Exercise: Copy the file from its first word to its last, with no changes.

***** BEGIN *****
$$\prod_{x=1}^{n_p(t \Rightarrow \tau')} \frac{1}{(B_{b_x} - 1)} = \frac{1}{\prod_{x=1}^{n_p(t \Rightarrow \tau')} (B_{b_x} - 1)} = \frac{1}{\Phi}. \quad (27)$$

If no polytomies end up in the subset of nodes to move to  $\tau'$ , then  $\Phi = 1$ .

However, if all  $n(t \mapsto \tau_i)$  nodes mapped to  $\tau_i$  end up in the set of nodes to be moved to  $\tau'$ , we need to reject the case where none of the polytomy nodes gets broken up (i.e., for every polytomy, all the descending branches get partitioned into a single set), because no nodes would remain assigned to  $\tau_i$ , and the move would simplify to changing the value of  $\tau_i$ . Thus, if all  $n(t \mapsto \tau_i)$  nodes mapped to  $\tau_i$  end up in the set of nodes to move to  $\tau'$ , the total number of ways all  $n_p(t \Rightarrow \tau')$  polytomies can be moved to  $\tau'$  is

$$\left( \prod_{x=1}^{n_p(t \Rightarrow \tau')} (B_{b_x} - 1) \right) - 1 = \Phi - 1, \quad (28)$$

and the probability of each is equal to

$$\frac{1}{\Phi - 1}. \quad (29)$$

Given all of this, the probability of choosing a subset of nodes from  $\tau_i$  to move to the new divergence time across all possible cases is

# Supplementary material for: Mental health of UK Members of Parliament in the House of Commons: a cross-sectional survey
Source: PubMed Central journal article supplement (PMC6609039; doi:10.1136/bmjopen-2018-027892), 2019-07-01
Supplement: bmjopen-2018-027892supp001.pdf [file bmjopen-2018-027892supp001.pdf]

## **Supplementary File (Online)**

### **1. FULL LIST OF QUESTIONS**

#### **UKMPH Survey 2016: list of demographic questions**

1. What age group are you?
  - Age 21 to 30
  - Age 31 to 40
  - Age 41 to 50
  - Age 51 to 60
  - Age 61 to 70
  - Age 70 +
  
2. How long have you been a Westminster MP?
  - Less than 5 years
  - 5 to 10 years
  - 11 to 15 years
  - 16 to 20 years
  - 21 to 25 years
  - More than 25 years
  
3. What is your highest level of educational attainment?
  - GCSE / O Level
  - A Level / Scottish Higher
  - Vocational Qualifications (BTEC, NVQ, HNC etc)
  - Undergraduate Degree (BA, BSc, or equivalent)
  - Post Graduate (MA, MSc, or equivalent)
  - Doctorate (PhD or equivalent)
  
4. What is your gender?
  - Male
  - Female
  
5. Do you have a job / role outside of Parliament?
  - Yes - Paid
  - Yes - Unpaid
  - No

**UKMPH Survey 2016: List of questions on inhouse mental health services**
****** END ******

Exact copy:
$$\prod_{x=1}^{n_p(t \Rightarrow \tau')} \frac{1}{(B_{b_x} - 1)} = \frac{1}{\prod_{x=1}^{n_p(t \Rightarrow \tau')} (B_{b_x} - 1)} = \frac{1}{\Phi}. \quad (27)$$

If no polytomies end up in the subset of nodes to move to  $\tau'$ , then  $\Phi = 1$ .

However, if all  $n(t \mapsto \tau_i)$  nodes mapped to  $\tau_i$  end up in the set of nodes to be moved to  $\tau'$ , we need to reject the case where none of the polytomy nodes gets broken up (i.e., for every polytomy, all the descending branches get partitioned into a single set), because no nodes would remain assigned to  $\tau_i$ , and the move would simplify to changing the value of  $\tau_i$ . Thus, if all  $n(t \mapsto \tau_i)$  nodes mapped to  $\tau_i$  end up in the set of nodes to move to  $\tau'$ , the total number of ways all  $n_p(t \Rightarrow \tau')$  polytomies can be moved to  $\tau'$  is

$$\left( \prod_{x=1}^{n_p(t \Rightarrow \tau')} (B_{b_x} - 1) \right) - 1 = \Phi - 1, \quad (28)$$

and the probability of each is equal to

$$\frac{1}{\Phi - 1}. \quad (29)$$

Given all of this, the probability of choosing a subset of nodes from  $\tau_i$  to move to the new divergence time across all possible cases is

# Supplementary material for: Mental health of UK Members of Parliament in the House of Commons: a cross-sectional survey
Source: PubMed Central journal article supplement (PMC6609039; doi:10.1136/bmjopen-2018-027892), 2019-07-01
Supplement: bmjopen-2018-027892supp001.pdf [file bmjopen-2018-027892supp001.pdf]

## **Supplementary File (Online)**

### **1. FULL LIST OF QUESTIONS**

#### **UKMPH Survey 2016: list of demographic questions**

1. What age group are you?
  - Age 21 to 30
  - Age 31 to 40
  - Age 41 to 50
  - Age 51 to 60
  - Age 61 to 70
  - Age 70 +
  
2. How long have you been a Westminster MP?
  - Less than 5 years
  - 5 to 10 years
  - 11 to 15 years
  - 16 to 20 years
  - 21 to 25 years
  - More than 25 years
  
3. What is your highest level of educational attainment?
  - GCSE / O Level
  - A Level / Scottish Higher
  - Vocational Qualifications (BTEC, NVQ, HNC etc)
  - Undergraduate Degree (BA, BSc, or equivalent)
  - Post Graduate (MA, MSc, or equivalent)
  - Doctorate (PhD or equivalent)
  
4. What is your gender?
  - Male
  - Female
  
5. Do you have a job / role outside of Parliament?
  - Yes - Paid
  - Yes - Unpaid
  - No

**UKMPH Survey 2016: List of questions on inhouse mental health services**